By MATTHEW BULTMAN
POTSDAM - A controversial natural gas extraction technique has become small government's newest platform to rally against the state.
Two downstate towns are in the midst of a legal battle that could shape the future of the extraction process known as hydrofracking and add another chapter to the state-vs.-local government power struggle.
The towns of Dryden and Middlefield argue that local leaders should have the final say on when or where the gas extraction happens, not officials in Albany. And the Potsdam Town Council agrees.
Last week the board approved, with Councilwoman Judith R. Rich abstaining, to support local control of hydrofracking, a mining process in which chemical water is injected into the ground to fracture rock and release natural gas.
The vote was not an endorsement of the controversial mining technique, the Town Board said, but rather a support of local governments.
"At least this way we could decide what happens in our own township," Town Supervisor Marie C. Regan said.
Both Dryden, which sits just east of Ithaca, and Middlefield, near Cooperstown, have banned oil and gas exploration within town borders.
And both local laws are being challenged in court by energy companies who have spent millions of dollars leasing and developing land in those towns.
The companies say a state law which assigns regulatory authority over such activities to the state Department of Environmental Conservation trumps any local ordinance.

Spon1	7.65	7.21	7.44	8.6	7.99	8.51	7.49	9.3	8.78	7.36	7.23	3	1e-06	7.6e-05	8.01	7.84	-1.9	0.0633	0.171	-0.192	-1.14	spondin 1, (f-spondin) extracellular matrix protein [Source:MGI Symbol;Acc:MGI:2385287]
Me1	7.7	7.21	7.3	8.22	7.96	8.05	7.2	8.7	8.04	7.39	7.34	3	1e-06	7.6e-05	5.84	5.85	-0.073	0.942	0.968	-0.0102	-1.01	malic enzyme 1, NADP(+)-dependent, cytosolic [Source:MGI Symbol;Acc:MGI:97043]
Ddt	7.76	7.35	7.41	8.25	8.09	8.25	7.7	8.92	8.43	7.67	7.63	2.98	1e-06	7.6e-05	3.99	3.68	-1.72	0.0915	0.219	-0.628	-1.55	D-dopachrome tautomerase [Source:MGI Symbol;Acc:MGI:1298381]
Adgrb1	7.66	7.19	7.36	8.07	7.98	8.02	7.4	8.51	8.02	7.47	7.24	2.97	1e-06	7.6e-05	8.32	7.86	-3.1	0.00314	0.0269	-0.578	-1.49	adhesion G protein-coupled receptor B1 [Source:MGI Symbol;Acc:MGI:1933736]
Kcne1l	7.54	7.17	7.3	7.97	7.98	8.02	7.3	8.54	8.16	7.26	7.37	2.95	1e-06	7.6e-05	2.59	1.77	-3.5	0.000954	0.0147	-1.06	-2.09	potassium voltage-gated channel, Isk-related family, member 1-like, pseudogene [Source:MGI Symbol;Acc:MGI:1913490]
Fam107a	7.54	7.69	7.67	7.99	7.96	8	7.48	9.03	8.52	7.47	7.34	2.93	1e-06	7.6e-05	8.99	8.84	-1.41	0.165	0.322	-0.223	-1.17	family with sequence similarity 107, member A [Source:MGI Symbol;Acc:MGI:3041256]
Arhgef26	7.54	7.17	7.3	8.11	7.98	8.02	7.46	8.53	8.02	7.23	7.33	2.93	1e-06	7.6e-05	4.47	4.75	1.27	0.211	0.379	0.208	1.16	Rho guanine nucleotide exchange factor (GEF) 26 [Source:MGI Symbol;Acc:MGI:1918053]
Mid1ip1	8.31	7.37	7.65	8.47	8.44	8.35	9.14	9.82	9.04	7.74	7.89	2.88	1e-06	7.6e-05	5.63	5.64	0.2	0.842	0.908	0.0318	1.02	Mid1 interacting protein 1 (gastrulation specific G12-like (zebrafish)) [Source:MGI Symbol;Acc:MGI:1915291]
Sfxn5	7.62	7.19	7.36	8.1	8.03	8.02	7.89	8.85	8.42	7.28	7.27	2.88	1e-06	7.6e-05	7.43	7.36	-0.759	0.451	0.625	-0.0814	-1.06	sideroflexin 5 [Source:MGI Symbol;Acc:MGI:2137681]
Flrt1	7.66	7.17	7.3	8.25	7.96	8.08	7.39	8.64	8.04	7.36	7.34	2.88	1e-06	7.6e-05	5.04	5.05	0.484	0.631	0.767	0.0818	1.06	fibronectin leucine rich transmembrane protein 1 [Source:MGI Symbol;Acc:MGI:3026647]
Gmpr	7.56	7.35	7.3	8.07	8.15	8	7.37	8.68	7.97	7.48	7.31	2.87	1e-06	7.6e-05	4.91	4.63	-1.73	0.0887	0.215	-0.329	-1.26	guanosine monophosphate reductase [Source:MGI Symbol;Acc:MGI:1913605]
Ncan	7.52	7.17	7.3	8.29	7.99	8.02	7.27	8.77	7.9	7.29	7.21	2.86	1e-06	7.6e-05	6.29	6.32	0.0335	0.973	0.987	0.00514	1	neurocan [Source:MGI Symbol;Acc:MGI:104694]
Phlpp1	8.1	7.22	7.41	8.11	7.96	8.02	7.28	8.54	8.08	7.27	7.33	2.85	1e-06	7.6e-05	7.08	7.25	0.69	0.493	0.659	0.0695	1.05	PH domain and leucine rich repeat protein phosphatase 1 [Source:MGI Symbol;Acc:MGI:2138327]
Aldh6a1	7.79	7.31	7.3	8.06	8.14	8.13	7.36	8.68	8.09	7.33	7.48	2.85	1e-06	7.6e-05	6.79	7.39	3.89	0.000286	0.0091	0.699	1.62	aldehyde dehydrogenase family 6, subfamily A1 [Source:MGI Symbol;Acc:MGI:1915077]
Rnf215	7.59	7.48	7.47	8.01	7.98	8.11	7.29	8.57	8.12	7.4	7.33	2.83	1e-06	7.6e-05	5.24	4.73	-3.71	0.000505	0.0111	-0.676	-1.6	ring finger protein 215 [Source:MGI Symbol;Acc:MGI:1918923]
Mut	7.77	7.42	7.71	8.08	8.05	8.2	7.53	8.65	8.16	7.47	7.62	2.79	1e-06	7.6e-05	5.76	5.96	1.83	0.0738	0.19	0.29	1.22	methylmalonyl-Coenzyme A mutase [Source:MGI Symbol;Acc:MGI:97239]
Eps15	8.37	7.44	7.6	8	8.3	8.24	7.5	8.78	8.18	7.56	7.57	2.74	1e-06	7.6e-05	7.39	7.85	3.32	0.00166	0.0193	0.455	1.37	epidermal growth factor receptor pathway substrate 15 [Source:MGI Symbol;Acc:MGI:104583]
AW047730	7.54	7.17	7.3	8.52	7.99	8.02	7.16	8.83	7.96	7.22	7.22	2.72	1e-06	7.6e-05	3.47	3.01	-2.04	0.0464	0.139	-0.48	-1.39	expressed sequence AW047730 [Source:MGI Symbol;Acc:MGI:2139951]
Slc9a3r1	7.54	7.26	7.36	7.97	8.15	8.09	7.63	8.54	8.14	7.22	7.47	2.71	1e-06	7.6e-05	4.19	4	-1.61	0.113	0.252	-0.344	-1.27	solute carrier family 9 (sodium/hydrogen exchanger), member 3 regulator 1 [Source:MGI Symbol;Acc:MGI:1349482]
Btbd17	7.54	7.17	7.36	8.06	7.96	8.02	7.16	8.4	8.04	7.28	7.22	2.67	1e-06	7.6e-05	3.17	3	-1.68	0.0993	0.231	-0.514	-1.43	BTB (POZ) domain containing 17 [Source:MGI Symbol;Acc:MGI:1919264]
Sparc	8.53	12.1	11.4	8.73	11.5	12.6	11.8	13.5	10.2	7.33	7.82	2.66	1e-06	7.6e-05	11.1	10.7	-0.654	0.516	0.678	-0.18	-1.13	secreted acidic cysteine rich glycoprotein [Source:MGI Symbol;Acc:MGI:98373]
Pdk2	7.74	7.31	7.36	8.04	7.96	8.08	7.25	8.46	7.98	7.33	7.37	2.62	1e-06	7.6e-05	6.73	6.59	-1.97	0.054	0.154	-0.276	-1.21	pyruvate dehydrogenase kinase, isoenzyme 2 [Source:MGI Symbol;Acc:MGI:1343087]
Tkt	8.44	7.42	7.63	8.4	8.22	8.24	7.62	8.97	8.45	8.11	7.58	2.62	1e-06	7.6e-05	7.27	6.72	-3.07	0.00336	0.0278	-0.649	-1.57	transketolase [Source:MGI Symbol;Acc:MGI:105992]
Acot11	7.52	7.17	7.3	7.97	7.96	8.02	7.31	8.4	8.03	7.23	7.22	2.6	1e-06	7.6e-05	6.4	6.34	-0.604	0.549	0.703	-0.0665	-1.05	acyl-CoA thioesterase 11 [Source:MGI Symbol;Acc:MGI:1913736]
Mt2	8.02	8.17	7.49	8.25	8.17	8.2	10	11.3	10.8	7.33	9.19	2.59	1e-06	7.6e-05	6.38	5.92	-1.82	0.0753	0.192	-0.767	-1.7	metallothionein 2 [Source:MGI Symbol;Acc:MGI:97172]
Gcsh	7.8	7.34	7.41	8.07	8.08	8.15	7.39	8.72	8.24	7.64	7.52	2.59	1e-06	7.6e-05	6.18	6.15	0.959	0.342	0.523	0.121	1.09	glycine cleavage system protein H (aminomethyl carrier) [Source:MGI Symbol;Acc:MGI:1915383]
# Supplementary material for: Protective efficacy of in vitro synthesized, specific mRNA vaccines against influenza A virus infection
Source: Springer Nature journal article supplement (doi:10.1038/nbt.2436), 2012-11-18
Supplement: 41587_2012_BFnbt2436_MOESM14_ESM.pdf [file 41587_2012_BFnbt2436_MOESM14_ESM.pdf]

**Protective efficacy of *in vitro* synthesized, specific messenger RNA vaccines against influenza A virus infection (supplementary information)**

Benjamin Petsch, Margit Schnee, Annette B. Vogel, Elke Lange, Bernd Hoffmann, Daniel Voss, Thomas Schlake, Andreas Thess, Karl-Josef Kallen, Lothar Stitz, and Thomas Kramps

Officials in Dryden and Middlefield disagree, saying that, while the state controls industry regulations, each town has a right to establish zoning laws.
The two towns have sent a joint resolution to local governments around the state asking for support, not of the ban but of each municipality making its own decision.
In Potsdam, leaders debated a small government's ability to rule on such issues. Ms. Rich said some communities may be swayed by the promise of millions of dollars, tempted to turn over control of their land for what she called an environmentally damaging practice.
"Money can be very tempting especially in small rural communities," Ms. Rich said. "And I just wonder about it."
Councilman Michael J. Zagrobelny countered by saying that taking away home rule from locally elected bodies has become an ugly trend at the state capitol. Towns should be allowed to make that decision themselves, he argued.
"I think we pay a lot closer to attention to what's going on in our backyard than folks in Albany," Mr. Zagrobelny said.
Ms. Regan agreed.
"The state could say this could bring in a lot of money and we won't be able to say a thing about it," she said. "I would like us to be in control of it."